A Dawn of a New Era in Philippine Immigration Law

Since its passage on 26 August 1940, Commonwealth Act. No. 613, or the “Philippine Immigration Act of 1940,” has been the definitive guide on the issuance of Philippine visas, exclusion and deportation proceedings, the powers and structure of the Bureau of Immigration (“BI”), and other reportorial requirements that a foreign national must comply with in order to legally stay in the Philippines.

Over the past 80 years, the BI passed various issuances to complement the Philippine Immigration Act. However, it cannot be doubted that these amendments, notably made on a piecemeal basis, must necessarily be woven together to form a comprehensive and updated national immigration policy.

Thus, the 19th Congress of the Philippines, through the House of Representatives, proposed and approved on final reading House Bill (“H.B.”) No. 8203, also known as the “Immigration Modernization Act,” which aims to update the seemingly outdated law, and revamp and modernize the existing legal framework for immigration policies in the country. As the bill has now been passed at the House of Representatives, a counterpart bill shall also be proposed and approved by the Senate. Once approved, these bills shall be consolidated and endorsed to the Office of the President for final approval.

Under H.B. No. 8203, the BI Commissioner and his Deputy Commissioners must now be holders of a college degree, with proven capacity for administration; that at least one (1) of them must be a member of the Philippine Bar in good standing for at least five (5) years prior to the appointment; and that at least one (1) member must come from the ranks of the BI. Under the current law, the Commissioner and Deputy Commissioners must only be natural-born citizens and be at least thirty years of age.

H.B. No. 8203 also defined the functions of the various divisions of the BI which include the Administrative Division, the Alien Registration Division, the Finance and Logistics Division, the Human Resource Management and Development Division, the Immigration Regulation Division, the Information and Communications Technology Division, the Immigration Intelligence Division, the Immigration Law Enforcement Division, the Legal Affairs Division, and the Planning and Research Division.

The proposed legislation also provided more clarity on the various visas which are available to foreign nationals. Under H.B. No. 8203, the current 9(a)/Temporary Visitor Visas are now classified as “A Visas”, which are further subdivided into three categories, namely: the “A-1 Visa,” which is available to aliens who come to the Philippines for temporary business activities, the “A-2 Visa,” which is granted to aliens coming for leisure, and the “A-3 Visa” which is for foreign nationals seeking entry for medical and health purposes.

H.B. No. 8203 also reintroduced the current 9(g) visas as “G Visas” which are available to foreign nationals coming to the Philippines on pre-arranged employment, intra-corporate assignments, and to professionals, performing artists, athletes, and cultural exchange workers. The bill also creates a separate visa category for missionaries, religious ministers, and their dependents, who may now be issued with an “H Visa.” There are also new types of visas such as the “J Visa” which is available to foreign media workers, the “K Visa” which is available to foreign exchange visitors, and the “L-1″ and “L-2 Visas” which are available to refugees and stateless persons, respectively.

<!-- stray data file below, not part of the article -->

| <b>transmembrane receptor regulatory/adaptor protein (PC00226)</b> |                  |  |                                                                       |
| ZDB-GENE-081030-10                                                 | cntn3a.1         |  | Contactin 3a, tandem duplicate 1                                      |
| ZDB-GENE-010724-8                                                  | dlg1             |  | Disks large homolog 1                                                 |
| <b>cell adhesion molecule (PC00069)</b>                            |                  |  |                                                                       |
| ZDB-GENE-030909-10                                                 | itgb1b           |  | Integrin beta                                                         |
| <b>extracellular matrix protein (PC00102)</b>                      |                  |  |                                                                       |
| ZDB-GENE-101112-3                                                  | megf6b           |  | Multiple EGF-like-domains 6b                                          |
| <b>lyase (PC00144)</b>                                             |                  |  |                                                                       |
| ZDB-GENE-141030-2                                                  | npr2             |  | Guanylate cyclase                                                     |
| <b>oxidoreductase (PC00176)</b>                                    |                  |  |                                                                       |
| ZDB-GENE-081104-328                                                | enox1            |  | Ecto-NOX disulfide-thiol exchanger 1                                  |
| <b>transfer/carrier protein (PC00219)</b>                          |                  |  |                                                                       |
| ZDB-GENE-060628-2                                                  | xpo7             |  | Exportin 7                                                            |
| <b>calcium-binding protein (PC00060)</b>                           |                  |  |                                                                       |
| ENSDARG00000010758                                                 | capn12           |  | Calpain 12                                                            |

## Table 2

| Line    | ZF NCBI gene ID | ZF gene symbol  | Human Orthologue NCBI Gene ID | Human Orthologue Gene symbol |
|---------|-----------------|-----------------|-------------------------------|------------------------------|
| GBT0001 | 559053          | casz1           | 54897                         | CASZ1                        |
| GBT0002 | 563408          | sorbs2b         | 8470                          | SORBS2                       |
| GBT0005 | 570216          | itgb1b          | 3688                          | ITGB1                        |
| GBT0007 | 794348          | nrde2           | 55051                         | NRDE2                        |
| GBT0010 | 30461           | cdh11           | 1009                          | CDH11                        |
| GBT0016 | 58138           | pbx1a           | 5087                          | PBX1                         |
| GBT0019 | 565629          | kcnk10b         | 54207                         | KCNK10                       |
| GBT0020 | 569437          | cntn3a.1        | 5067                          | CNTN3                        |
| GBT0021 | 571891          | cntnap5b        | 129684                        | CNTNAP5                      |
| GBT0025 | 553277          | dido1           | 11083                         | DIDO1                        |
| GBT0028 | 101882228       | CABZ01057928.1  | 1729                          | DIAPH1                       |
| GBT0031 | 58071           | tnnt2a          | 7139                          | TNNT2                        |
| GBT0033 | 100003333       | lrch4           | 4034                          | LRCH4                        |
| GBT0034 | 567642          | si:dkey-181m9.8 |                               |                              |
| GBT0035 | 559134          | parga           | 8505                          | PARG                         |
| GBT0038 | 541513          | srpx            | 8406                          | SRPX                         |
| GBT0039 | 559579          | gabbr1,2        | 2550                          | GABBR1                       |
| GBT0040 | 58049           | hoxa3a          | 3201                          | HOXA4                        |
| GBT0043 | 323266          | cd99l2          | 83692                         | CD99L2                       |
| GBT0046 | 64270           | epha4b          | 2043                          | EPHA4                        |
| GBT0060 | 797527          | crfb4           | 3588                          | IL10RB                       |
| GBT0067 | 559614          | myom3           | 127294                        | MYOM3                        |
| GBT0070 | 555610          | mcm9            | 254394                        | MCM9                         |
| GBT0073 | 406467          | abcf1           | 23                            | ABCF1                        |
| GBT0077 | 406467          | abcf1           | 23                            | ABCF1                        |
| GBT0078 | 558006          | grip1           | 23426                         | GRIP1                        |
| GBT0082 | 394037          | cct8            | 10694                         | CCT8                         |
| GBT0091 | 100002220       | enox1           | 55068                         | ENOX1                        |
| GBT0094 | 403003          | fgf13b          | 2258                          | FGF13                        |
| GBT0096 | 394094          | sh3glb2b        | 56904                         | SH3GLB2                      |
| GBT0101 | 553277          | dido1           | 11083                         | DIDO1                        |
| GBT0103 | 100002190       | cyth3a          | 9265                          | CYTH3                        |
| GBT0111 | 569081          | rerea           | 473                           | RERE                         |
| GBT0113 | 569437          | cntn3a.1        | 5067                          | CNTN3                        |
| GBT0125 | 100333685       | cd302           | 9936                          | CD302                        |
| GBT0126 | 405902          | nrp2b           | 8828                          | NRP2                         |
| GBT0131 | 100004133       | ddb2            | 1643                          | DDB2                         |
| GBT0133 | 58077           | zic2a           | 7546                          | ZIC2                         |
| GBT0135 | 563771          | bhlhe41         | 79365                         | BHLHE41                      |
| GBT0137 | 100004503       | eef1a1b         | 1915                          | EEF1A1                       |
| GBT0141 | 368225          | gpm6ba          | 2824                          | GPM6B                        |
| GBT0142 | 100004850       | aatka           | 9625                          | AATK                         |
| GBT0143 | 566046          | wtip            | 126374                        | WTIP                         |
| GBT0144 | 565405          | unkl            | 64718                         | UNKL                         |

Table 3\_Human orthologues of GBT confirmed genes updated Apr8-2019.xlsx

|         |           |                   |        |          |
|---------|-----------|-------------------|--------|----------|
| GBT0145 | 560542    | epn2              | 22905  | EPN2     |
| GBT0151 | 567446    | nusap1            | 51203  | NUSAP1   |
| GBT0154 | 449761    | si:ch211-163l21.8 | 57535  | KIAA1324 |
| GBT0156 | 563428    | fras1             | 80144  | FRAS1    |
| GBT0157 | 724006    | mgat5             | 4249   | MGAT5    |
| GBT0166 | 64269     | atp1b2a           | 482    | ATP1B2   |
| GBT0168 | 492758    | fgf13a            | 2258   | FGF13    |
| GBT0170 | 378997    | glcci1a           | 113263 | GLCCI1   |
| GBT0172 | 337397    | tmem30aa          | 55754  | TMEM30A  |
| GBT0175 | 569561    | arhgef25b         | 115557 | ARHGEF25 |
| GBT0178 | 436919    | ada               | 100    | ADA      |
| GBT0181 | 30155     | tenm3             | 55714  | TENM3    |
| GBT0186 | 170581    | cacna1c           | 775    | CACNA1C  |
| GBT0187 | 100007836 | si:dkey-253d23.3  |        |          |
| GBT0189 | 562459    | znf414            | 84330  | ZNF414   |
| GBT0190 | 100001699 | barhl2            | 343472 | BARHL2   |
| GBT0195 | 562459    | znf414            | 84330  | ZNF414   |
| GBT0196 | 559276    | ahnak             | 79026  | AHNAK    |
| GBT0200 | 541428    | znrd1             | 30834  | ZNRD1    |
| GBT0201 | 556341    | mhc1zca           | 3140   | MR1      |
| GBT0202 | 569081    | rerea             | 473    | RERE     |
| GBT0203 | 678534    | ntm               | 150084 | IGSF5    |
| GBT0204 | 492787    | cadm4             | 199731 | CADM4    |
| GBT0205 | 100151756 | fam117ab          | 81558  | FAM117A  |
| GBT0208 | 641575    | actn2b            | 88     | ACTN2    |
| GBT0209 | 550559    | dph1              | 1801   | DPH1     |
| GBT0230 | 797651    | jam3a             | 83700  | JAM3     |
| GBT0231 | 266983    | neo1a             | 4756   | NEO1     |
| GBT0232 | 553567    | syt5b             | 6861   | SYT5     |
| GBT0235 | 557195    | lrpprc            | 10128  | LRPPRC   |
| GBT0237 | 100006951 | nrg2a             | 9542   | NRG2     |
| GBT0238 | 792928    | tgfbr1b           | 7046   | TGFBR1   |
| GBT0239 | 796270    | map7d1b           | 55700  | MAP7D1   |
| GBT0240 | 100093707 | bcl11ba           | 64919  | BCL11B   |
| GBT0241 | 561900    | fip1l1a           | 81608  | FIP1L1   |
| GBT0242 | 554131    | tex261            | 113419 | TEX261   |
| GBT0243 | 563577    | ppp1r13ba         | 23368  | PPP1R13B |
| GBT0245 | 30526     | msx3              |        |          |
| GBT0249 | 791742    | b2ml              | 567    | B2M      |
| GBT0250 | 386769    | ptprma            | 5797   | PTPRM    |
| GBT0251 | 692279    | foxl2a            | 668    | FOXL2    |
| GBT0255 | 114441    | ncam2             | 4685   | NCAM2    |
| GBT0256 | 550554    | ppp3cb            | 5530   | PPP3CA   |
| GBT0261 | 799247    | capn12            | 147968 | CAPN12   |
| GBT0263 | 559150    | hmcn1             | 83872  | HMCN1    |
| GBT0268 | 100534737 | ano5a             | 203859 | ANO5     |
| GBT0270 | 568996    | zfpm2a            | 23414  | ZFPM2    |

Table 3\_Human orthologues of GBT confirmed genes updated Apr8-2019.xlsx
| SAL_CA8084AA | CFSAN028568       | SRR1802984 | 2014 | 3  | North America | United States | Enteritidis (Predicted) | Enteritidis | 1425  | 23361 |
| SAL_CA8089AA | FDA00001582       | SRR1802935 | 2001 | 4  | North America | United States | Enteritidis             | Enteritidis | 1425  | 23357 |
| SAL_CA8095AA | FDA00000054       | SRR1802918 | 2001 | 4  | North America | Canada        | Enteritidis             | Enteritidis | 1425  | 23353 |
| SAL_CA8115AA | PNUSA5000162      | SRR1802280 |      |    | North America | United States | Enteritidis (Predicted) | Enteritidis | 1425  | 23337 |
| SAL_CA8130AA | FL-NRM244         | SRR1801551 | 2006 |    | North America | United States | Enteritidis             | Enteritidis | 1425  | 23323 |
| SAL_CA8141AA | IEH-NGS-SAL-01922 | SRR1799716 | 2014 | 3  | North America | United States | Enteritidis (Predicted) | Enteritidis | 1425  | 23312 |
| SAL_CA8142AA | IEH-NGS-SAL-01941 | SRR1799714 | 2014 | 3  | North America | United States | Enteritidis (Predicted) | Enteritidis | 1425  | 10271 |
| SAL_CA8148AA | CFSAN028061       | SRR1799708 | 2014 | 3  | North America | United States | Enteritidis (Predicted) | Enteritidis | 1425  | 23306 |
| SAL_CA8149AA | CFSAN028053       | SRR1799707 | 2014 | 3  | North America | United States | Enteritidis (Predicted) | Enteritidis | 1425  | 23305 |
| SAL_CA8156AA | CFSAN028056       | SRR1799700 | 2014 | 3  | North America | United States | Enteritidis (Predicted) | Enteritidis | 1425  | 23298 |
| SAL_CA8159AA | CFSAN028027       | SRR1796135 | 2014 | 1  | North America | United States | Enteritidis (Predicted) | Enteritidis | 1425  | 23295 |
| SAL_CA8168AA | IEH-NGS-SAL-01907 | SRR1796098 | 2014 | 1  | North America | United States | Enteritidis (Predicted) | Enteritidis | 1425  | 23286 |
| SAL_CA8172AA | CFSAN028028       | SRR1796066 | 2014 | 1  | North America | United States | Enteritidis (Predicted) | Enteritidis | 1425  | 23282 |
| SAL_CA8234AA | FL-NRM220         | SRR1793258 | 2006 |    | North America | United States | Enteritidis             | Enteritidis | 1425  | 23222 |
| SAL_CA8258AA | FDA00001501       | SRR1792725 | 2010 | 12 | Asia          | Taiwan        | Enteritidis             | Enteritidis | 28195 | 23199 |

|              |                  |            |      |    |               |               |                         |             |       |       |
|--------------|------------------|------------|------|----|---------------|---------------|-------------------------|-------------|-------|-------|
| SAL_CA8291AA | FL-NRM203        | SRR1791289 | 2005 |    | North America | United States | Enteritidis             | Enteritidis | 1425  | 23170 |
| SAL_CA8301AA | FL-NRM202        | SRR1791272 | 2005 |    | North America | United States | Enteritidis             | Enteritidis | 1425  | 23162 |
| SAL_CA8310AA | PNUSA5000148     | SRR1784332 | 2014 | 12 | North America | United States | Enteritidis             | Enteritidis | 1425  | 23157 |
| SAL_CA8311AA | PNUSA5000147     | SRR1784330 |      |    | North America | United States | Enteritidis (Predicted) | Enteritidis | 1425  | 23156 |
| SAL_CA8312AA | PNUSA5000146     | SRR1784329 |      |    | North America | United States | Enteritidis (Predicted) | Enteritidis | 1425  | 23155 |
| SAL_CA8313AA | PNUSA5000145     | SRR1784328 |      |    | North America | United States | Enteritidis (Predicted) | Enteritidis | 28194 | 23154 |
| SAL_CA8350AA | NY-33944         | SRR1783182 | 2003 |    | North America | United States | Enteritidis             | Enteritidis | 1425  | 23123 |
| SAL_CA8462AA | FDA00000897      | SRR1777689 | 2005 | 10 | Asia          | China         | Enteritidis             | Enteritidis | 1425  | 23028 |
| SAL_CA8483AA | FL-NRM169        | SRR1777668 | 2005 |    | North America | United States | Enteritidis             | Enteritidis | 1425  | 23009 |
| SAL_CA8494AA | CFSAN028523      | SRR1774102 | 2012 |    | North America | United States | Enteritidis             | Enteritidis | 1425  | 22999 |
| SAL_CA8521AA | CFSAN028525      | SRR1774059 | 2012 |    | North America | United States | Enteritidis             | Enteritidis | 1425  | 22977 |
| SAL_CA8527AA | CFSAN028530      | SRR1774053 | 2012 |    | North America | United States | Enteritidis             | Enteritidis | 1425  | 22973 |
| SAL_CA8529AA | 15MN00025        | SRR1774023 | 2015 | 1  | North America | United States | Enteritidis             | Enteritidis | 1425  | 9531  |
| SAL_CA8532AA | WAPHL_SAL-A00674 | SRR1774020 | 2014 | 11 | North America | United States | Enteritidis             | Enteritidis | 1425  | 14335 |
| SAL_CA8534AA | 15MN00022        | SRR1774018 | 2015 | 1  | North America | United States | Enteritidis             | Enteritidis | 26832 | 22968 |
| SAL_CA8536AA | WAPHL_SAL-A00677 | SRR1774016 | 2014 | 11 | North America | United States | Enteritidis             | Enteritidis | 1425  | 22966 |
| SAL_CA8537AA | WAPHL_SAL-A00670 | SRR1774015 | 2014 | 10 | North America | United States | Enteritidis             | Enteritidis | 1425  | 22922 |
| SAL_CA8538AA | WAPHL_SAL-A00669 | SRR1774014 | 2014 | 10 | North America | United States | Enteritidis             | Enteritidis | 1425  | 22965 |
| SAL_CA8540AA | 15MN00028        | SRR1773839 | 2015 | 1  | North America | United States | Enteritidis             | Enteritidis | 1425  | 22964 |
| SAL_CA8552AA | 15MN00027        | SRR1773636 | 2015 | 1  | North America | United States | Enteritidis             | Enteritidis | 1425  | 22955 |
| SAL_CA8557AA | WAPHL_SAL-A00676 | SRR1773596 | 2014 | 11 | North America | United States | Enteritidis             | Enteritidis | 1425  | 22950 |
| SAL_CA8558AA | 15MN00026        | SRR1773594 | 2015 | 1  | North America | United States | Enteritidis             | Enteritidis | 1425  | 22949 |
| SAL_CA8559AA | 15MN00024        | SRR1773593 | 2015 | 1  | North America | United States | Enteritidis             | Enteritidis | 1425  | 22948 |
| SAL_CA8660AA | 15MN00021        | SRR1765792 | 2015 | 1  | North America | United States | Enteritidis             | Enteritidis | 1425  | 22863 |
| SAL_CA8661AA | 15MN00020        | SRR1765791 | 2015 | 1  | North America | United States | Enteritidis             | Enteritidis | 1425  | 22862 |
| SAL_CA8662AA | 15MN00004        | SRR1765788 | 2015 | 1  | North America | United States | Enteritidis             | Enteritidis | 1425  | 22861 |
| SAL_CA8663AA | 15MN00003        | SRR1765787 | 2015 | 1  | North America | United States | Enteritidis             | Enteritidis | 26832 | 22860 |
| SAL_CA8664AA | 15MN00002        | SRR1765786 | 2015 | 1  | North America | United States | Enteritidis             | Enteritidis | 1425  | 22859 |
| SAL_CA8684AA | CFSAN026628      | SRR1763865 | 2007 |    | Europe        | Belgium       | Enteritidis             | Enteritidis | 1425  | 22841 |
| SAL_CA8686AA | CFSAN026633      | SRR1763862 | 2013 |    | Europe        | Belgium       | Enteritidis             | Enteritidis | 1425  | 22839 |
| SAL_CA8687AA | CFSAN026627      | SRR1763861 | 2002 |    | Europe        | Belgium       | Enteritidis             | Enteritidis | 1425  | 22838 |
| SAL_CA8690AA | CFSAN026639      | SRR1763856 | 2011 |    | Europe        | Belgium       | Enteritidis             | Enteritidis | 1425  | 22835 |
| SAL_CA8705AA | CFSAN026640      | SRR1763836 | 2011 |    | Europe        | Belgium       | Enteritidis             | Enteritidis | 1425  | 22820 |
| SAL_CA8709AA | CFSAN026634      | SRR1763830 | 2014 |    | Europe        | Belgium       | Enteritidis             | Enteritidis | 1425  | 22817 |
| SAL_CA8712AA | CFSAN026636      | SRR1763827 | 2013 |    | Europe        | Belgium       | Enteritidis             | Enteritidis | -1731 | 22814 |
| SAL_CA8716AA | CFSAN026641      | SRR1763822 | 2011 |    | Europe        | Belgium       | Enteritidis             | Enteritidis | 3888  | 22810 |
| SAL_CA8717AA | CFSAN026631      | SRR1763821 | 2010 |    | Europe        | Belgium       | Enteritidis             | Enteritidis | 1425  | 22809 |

On immigrant visas, H.B. No. 8203 notably increased the allotment for quota immigrants per nationality from 50 to 200.

The proposed legislation also introduced a process called “Adjustment of Status,” whereby a non-immigrant foreign national may be granted permanent resident status if: (a) the foreign national makes an application for such adjustment; (b) the foreign national is eligible to receive a quota or non-quota immigrant visa and is admissible to the Philippines as a permanent resident; and (c) a quota immigrant visa is immediately available to the foreign national at the time of application, without need of departing from the Philippines.

H.B. No. 8203 also updated the grounds for a foreign national’s deportation from the Philippines. Aliens may now be deported from the country if they engage, abet, aid or finance any terrorist activity; if they are charged of a crime involving acts or omissions punishable under Philippine penal laws cognizable by the Regional Trial Courts and the Sandiganbayan; if they violated Philippine labor and taxation laws, rules and regulations; if they are found to be undesirable such that their further stay in the Philippines is inimical to public welfare or the dignity of Filipinos or the Republic of the Philippines as a sovereign nation; and if their presence or activities in the country may result in adverse consequences to Philippine foreign policies as determined by the Secretary of Foreign Affairs.

In summary, the prospect of passing H.B. No. 8203 into law is indeed a welcome development. Initiatives to update the Philippine Immigration Act are necessary in order to reform and streamline our local immigration policies. We must nonetheless ensure that the implementation of the new law, once passed, will strike a balance between strict regulations on entry and a welcoming framework for foreign nationals to stay in the Philippines. Ultimately, the eventual passage of the proposed law must also translate to a more efficient and transparent immigration bureau.

This article is for general information and educational purposes only and not offered as legal advice or opinion.

Christianna Manami Y. Salud is an Associate of the Immigration Department of Angara Abello Concepcion Regala & Cruz Law Offices (ACCRALAW).

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